Archive | August 2012

The Alchemy of Forever by Avery Williams

What would you do if offered the choice to live forever? Fourteen-year-old Seraphina didn’t think when her life slipped away, and was saved by the handsome Cyrus. A kind gesture at the moment but even a crush from the 1400’s eventually evolves over six hundred years. Cyrus may have the answer to eternal life but the price becomes too high for Sera. Their routines for survival are flawless, but Sera longs for the next stage in the afterlife.

After an attempt to escape Cyrus’ clutches go awry, Sera finds herself being a teenager with a normal family. Being sixteen with best friends, a secret neighbour boyfriend and parents all over her, Sera settles into this life she accidently stole. But Cyrus isn’t like any ex-boyfriend. He’s looking for Sera and will do anything and everything in his power to find her to bring her back to the fold…

The Alchemy of Forever is an unusual take on YA paranormal romance. Mixed with fantasy and urban magic, I was pleasantly surprised to learn this book is the first in a series. Seraphina gets an opportunity most people long to experience, living forever. It’s refreshing to see her take the side of being tired of having been there and done that. Sera is such a delightful character, a strange mix of naïve teenager and wise old voodoo priestess. Although living through her pasts could have been more prominent to give Sera a deeper sense of character. I hope this issue is further explored in the next book.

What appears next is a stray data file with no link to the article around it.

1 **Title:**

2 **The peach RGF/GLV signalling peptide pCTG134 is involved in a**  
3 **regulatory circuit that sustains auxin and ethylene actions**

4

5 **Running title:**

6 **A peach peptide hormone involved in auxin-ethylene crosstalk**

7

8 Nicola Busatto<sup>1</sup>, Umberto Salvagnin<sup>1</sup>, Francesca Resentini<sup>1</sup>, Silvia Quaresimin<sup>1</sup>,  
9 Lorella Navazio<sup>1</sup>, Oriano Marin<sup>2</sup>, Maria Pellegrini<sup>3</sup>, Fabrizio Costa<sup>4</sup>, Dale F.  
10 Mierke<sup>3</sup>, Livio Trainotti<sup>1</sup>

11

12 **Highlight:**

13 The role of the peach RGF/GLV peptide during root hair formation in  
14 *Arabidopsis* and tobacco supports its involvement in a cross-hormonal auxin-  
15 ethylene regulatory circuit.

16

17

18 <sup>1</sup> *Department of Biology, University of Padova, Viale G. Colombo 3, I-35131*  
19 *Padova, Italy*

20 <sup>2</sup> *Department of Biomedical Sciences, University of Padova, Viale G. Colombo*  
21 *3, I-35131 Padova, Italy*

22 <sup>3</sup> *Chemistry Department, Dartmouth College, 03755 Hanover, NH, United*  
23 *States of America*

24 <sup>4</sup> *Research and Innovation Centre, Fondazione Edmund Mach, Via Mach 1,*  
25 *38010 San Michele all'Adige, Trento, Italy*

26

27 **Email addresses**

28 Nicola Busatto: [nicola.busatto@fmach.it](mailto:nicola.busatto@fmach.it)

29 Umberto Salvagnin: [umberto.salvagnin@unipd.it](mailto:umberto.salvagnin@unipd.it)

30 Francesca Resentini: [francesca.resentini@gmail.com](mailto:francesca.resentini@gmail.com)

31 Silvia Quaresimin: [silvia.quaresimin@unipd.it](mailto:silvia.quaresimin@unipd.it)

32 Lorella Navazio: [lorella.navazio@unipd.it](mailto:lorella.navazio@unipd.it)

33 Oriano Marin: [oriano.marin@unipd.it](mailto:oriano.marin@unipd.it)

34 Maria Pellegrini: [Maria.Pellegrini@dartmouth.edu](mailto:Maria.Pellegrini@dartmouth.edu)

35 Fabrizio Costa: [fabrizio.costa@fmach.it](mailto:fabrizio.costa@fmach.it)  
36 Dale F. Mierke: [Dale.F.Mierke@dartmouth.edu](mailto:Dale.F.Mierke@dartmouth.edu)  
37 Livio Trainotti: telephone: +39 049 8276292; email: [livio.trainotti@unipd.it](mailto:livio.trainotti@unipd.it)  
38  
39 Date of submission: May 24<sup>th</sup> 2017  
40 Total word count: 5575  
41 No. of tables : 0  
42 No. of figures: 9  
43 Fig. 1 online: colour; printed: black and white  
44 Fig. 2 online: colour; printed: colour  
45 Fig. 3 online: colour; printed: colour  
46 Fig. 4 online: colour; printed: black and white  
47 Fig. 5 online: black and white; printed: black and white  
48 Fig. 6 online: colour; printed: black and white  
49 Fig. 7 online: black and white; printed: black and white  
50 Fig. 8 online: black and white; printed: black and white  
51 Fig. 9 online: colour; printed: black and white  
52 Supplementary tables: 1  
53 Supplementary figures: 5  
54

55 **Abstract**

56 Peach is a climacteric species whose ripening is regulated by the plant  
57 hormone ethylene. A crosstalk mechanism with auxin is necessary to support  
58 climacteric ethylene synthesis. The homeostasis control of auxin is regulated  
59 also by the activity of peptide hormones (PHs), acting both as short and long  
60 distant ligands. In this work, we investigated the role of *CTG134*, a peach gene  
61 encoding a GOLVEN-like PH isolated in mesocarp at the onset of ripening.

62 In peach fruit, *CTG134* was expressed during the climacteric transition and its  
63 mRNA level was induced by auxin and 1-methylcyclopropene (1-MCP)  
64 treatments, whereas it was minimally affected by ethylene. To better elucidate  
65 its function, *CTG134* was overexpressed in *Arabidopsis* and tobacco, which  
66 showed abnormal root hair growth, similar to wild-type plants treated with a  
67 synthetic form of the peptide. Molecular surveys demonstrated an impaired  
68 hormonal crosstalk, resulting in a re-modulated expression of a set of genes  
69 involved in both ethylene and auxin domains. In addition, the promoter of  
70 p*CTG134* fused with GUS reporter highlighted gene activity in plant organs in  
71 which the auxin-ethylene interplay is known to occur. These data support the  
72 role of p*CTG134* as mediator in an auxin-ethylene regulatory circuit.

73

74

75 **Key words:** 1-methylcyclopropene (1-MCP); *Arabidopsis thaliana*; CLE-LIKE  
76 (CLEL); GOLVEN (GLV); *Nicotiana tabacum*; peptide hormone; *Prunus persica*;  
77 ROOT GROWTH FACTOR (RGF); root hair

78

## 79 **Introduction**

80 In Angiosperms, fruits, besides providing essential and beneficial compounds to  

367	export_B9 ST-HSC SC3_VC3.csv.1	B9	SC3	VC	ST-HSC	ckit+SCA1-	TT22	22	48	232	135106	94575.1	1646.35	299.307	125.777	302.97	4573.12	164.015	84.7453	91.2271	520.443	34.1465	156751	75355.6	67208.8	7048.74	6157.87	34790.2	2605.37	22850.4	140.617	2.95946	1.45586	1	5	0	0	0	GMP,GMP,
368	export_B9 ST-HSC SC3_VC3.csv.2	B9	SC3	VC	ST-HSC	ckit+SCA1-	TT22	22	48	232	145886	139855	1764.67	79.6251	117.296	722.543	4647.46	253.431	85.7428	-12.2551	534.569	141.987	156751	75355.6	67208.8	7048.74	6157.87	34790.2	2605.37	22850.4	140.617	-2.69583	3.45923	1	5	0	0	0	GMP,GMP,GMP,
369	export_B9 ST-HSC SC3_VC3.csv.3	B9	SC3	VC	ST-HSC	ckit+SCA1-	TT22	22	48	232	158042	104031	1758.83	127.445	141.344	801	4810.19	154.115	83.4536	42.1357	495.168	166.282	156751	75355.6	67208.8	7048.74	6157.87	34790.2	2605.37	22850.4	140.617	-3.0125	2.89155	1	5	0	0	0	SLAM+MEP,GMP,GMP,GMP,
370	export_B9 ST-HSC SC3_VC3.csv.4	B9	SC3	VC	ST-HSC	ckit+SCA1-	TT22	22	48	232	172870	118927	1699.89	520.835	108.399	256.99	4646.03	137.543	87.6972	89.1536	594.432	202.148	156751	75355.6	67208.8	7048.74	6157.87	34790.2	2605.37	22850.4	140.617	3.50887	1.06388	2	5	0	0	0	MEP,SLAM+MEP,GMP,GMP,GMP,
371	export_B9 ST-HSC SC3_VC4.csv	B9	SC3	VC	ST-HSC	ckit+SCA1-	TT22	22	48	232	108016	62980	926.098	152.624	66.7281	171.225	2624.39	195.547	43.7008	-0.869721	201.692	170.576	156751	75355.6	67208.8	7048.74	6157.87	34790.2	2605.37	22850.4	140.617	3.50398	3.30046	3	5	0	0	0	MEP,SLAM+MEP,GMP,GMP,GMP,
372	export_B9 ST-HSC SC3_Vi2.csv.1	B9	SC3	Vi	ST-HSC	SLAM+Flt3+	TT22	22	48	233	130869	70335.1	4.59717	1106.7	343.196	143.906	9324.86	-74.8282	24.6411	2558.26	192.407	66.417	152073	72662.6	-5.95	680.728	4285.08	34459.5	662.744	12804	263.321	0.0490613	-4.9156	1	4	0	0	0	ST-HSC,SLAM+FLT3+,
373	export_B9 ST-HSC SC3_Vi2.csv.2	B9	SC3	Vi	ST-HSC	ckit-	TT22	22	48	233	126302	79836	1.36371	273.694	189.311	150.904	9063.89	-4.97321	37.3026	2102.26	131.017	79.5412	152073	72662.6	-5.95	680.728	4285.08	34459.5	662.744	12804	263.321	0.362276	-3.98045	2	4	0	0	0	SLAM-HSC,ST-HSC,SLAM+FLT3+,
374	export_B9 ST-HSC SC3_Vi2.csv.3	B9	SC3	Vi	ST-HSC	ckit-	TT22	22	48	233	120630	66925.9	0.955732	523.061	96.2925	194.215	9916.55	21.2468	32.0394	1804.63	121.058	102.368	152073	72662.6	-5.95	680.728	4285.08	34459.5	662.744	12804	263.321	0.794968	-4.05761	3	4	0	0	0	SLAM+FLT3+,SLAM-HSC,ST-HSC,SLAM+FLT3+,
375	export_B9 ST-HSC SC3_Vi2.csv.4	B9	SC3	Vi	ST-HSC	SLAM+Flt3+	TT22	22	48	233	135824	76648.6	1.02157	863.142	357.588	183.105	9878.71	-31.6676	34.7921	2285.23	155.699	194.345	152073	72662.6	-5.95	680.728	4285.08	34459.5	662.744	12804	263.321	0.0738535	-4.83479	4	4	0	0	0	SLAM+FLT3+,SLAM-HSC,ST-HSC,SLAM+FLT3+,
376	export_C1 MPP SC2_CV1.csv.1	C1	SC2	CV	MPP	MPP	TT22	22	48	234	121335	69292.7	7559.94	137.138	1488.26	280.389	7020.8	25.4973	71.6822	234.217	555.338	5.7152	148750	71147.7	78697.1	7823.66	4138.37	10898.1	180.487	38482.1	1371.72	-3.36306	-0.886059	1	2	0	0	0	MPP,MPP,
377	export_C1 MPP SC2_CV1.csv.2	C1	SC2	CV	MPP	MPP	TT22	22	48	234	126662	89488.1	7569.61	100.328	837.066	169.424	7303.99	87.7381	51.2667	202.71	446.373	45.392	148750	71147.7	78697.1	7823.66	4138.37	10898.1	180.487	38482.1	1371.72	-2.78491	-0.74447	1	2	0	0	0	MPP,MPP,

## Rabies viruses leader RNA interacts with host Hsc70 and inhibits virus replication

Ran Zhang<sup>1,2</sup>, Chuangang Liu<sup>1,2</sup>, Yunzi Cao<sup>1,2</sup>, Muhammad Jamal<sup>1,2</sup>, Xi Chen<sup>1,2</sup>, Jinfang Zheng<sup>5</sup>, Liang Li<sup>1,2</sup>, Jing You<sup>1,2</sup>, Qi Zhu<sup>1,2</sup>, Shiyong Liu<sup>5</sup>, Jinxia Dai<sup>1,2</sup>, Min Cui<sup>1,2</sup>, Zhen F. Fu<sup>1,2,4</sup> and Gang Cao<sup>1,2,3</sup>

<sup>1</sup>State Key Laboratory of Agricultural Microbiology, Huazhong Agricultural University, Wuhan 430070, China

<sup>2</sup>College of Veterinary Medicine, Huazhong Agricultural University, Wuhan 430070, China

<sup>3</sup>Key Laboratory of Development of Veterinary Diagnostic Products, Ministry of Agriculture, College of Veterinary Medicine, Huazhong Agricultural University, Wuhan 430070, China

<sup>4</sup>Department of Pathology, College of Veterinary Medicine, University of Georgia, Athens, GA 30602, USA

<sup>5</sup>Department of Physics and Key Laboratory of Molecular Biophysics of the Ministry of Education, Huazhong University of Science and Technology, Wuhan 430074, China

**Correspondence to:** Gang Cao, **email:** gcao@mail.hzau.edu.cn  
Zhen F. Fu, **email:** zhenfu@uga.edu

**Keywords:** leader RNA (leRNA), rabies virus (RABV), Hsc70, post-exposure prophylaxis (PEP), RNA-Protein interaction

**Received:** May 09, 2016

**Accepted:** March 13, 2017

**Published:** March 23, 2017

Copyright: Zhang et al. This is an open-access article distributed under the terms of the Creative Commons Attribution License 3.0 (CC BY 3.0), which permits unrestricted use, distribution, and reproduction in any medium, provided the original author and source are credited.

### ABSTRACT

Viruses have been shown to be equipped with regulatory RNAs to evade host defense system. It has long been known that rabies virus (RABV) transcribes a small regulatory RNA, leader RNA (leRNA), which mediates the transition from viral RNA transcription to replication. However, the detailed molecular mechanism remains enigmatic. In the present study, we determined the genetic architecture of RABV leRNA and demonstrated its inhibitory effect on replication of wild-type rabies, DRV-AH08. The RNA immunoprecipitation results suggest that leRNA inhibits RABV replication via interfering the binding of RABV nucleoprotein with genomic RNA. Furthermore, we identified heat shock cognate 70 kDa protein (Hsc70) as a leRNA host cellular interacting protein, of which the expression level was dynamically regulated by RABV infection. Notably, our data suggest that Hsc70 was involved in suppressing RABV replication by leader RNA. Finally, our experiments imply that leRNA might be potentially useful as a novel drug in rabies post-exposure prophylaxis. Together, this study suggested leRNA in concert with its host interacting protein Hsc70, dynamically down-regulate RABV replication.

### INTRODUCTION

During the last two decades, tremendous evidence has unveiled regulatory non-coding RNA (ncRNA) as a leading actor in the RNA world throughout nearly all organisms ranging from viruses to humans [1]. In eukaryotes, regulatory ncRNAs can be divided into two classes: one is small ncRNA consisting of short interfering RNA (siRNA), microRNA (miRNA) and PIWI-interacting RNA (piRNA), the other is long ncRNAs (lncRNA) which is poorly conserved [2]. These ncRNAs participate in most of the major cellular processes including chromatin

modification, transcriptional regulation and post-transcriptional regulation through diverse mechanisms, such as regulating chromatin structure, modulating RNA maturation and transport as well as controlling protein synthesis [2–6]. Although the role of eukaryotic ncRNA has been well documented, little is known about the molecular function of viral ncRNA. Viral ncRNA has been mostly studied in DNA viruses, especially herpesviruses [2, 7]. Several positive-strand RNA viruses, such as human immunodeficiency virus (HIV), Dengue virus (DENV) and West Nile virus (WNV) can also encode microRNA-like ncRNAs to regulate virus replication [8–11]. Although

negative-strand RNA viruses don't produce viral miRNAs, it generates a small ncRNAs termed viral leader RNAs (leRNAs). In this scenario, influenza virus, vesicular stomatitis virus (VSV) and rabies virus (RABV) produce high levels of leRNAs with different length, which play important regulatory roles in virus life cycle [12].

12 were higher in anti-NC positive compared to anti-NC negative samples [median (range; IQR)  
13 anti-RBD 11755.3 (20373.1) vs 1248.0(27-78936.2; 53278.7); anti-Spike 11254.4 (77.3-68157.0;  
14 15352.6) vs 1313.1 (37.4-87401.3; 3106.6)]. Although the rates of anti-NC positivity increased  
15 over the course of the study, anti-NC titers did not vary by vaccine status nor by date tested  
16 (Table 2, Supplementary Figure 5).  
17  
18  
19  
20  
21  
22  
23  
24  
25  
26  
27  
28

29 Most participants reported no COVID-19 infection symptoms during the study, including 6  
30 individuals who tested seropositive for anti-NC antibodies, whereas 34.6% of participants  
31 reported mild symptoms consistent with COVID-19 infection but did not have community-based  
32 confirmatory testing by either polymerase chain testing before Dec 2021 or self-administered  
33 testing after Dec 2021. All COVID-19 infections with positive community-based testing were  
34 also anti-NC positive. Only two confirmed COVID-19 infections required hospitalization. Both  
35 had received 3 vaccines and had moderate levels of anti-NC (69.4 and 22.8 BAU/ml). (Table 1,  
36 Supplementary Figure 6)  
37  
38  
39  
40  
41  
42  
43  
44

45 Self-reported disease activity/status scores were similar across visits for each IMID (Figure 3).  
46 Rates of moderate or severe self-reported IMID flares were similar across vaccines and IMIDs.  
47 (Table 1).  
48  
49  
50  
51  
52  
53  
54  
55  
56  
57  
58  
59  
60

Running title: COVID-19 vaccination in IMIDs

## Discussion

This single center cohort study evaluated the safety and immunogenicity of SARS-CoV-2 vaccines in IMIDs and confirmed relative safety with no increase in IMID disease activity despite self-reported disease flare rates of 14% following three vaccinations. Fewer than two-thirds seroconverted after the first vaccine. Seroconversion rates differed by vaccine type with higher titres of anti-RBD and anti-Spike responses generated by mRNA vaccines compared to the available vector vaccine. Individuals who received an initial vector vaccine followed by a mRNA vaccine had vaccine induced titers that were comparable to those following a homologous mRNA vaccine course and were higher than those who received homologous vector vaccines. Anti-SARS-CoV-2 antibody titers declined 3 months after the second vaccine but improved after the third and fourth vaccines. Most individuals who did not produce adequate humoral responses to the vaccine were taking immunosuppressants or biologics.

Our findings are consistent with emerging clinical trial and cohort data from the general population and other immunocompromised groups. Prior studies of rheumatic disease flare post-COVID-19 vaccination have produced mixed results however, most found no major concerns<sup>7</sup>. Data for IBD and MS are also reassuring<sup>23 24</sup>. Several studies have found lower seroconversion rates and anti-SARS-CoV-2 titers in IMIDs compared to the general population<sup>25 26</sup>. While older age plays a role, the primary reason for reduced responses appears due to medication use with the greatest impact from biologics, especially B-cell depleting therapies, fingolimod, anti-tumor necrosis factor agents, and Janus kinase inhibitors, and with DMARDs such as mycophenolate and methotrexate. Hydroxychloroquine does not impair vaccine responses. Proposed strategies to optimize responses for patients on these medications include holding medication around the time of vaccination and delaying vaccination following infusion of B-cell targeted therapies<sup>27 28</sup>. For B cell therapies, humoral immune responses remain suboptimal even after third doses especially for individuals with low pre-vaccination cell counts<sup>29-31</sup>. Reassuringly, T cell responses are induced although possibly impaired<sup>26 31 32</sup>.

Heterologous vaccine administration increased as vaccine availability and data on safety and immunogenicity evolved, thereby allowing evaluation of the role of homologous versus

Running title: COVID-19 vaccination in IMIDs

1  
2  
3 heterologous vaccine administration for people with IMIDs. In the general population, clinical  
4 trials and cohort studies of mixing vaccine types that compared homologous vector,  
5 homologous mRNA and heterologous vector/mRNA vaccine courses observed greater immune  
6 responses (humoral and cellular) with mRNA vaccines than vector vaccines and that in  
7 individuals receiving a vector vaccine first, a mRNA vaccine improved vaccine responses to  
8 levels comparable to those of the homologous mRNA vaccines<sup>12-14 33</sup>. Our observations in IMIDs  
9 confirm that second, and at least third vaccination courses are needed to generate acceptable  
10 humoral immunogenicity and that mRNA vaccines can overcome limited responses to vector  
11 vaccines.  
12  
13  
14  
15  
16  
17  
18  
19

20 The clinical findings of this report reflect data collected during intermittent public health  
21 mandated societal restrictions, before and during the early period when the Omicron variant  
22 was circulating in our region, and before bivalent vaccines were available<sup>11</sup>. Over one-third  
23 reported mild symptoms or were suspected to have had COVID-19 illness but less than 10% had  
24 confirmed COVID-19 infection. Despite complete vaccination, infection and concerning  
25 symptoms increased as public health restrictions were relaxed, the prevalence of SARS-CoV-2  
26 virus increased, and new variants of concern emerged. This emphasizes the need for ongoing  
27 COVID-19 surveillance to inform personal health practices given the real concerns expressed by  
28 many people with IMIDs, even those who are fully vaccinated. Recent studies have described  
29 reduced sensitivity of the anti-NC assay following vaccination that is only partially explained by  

As Sera evolves into Kailey and discovers love, perhaps a true love for the first time in six hundred years, she’ll do anything to remain hidden from Cyrus. You can’t help but hope that Sera will find a way to be rid of him, or accept her fate and kill herself for real. The book finishes on such a cliffhanger that I was mad it had ended! With Goodreads showing it’s a series I can’t wait for the next book to be published next year. It’ll be interesting to see if this series will go the Twilight route, meaning focusing on obsessive love or if can dig a little deeper into this idea of living forever. Relevant and in the know it’s a quick read for young teens of today.

Arrival – #1 The Phoenix Files by Chris Morphew


Fresh out of the aftermath of his parent’s divorce, Australian teenager Luke Hunter tries to remain calm when his mum declares they’re moving to an unknown place called Phoenix in the bush. Upon arrival, Luke notices Phoenix is a town where there’s more that meets the eye. No phones, no Internet, no cars, everyone travels by bike and are living in homes that look just like everyone else’s. Missing his dad, Luke attempts to settle in and make friends at High School.

With the appearance of a rough homeless man streaking across the prestigious Phoenix town, Luke can’t help but take notice. A mysterious gift of a flash drive with a classmate’s name only adds to the confusion. Even though the event does assist in the process of making friends with cool Peter and fiery Jordan. Curiosity builds as they decode the flash drive, discovering a possible confession that Phoenix was built to save humanity- and that the world would be ending in 100 days….